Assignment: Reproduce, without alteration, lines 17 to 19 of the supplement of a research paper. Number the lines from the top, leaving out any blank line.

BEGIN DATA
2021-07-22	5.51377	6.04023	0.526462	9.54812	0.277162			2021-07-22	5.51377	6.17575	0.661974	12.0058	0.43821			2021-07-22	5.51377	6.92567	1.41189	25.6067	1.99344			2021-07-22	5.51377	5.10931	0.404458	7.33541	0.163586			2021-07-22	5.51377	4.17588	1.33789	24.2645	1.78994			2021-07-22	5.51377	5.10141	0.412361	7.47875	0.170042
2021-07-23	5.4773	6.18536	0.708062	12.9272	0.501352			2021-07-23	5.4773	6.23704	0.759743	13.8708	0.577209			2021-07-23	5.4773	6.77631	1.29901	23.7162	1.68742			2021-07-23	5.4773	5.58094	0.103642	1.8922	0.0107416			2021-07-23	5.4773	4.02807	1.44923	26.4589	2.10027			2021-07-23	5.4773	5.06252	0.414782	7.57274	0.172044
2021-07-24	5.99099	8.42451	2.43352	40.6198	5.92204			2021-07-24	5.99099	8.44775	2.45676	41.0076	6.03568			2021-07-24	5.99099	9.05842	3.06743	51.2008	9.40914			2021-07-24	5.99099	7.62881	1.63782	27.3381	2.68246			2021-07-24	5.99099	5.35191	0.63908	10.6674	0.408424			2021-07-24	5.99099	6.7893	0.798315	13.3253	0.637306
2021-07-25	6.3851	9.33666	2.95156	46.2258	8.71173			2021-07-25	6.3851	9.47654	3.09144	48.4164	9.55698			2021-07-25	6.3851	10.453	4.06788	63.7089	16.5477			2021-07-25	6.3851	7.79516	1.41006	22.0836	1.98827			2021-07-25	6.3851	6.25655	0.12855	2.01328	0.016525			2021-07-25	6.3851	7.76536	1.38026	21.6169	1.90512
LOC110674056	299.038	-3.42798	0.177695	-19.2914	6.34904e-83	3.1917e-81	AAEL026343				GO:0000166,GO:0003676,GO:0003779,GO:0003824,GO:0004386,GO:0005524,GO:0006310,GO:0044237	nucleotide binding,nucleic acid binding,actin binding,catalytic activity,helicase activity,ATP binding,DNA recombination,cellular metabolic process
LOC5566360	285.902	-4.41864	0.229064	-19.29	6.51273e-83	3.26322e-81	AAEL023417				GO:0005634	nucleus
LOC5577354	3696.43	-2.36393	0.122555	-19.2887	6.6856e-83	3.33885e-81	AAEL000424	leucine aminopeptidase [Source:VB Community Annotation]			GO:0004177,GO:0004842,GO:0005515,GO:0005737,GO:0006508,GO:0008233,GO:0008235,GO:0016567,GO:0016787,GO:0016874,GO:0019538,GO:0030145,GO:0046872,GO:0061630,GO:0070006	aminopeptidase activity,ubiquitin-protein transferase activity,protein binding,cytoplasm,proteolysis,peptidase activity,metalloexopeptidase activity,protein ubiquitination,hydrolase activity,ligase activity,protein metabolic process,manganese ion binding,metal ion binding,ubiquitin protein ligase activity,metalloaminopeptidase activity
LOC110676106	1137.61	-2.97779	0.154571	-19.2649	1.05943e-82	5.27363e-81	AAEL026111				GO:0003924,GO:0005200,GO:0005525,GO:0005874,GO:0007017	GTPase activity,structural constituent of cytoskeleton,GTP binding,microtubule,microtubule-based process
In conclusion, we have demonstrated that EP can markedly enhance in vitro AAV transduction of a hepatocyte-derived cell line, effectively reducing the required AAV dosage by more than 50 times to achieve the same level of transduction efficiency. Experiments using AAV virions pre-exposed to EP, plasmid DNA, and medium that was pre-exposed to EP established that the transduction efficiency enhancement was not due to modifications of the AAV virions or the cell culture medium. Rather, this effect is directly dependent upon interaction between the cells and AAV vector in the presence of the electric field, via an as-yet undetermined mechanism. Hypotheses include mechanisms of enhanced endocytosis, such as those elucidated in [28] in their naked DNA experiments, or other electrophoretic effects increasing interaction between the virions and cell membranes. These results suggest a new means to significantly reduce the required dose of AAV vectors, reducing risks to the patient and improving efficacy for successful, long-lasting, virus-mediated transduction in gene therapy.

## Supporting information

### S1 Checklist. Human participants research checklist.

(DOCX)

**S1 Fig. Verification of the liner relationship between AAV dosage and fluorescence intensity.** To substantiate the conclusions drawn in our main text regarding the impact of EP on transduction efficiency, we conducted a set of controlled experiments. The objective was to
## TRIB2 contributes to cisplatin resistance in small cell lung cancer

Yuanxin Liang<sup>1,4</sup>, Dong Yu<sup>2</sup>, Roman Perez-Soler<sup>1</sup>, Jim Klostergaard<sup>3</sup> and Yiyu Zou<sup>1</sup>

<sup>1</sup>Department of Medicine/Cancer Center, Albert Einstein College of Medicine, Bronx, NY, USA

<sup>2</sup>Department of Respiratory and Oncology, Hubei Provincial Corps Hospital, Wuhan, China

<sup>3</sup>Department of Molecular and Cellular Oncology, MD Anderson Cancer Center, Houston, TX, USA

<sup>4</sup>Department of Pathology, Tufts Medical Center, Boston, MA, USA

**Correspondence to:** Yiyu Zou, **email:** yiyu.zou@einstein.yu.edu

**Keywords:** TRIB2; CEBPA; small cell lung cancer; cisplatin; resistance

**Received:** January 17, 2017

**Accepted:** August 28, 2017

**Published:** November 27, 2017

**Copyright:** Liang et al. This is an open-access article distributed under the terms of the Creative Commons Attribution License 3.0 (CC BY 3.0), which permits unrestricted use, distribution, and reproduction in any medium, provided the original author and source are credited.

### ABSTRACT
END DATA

<sup>2</sup>Department of Respiratory and Oncology, Hubei Provincial Corps Hospital, Wuhan, China

<sup>3</sup>Department of Molecular and Cellular Oncology, MD Anderson Cancer Center, Houston, TX, USA

<sup>4</sup>Department of Pathology, Tufts Medical Center, Boston, MA, USA